Later, a giant statue of Lenin was constructed at the other end of the square. By now, both the Duma building and the Marx statue were physically gone, but their past continued to maintain a presence. In fact, Lenin’s gaze rested precisely on the spot the now-absent Duma balcony used to stand, giving Lenin control over the space of (former) political action.
Following the 2000 protest, at which point the Lenin statue had already been gone 10 years, the city’s reconstruction of the square included adding the massive Column of Independence. This tall monument has the same orientation as the Lenin statue, both recalling the past and superseding it.
A global meeting point
Starting with the Orange Revolution and even more so during the Euromaidan, the square became not just a central point for Ukrainians to gather, but a virtual, global space, Yekelchyk argued. With television and internet allowing the protesters to stay connected with the broader community, people could be involved in the activities even if they weren’t able to join the crowds.
What’s more, this media mobilization of the movement further contributed to the identity formation of Maidan as a place and as a term. Euromaidan, for instance, was mobilized as a hashtag on Twitter. Now it’s reached a point where the word Maidan may very well first bring to mind the movement, values and recent events, rather than a specific geographical place.
Given Maidan’s long-standing history as a place where the people of Ukraine take the destiny of their country into their own hands, it’s no wonder that the Euromaidan protesters intuitively assembled at the location. Despite changes in the space’s building and monuments, its association with both power and civic action remain. And despite intentional efforts to deny the public the political space, the people continue to gather there, refusing to relinquish the layers of meaning the square has earned throughout the years.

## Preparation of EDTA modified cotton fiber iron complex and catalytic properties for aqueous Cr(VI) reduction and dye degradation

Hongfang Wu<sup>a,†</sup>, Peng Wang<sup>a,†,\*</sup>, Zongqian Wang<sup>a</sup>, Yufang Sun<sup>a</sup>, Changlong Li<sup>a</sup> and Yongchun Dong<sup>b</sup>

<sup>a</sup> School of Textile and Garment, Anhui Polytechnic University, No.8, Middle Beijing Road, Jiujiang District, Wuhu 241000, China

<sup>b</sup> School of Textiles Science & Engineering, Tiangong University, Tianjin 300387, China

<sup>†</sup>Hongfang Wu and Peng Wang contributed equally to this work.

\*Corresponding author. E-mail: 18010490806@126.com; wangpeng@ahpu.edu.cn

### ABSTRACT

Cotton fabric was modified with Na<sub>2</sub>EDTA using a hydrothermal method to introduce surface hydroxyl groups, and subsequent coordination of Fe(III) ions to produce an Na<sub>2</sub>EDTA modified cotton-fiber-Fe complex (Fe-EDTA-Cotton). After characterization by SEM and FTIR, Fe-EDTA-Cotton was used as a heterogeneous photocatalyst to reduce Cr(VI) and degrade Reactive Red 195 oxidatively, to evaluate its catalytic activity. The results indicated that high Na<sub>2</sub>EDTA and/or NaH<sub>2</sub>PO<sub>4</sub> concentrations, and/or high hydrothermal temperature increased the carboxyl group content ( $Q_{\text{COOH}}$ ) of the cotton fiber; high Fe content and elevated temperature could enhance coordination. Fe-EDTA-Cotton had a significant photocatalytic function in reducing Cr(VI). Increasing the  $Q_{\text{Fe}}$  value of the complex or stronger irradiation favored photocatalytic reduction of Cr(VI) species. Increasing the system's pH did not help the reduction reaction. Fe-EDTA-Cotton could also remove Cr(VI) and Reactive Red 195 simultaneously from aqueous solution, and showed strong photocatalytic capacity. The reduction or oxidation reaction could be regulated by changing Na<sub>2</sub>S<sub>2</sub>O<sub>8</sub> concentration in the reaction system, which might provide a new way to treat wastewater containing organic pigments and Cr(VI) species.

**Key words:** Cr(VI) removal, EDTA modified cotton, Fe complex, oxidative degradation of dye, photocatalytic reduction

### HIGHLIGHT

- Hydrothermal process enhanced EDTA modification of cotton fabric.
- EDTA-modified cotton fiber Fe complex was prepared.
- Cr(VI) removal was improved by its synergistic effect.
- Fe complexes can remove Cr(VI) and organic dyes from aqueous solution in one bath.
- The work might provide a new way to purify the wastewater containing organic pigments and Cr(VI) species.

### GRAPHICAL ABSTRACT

Yekelchyk ended his overview with a reminder of the ever-present fluidity of geographical spaces. Although its rich history and digital mobilization has given the square identity power globally - which translates into civic power - the efficacy of this power for the current movement remains theoretical at this point. We are yet to learn the results of the sacrifices and are still observing how the square will be reimagined through memorials and reconstruction. As such, the next layer of meaning and the rest of the narrative remain to be written, to say nothing of additional events which are sure to emerge in the time to come.
The Vasyl and Maria Petryshyn Memorial Lecture is made possible through the generous endowed gift of Dr. Wolodymyr Petryshyn in honor of his parents. The fund supports a lecture each year by nationally or internationally distinguished scholars in the field of Ukrainian studies.
Dr. Serhy Yekelchyk is a Professor of History and Germanic & Slavic Studies at the University of Victoria in British Columbia. He received his BA from Kyiv University, an MA from the Ukrainian Academy of Sciences and a PhD in Russian and Eastern European History at the University of Alberta. His research interests include the social and political history of the Stalin period and the formation of a modern Ukrainian nation. Dr. Yekelchyk recently published The Conflict in Ukraine: What Everyone Needs to Know.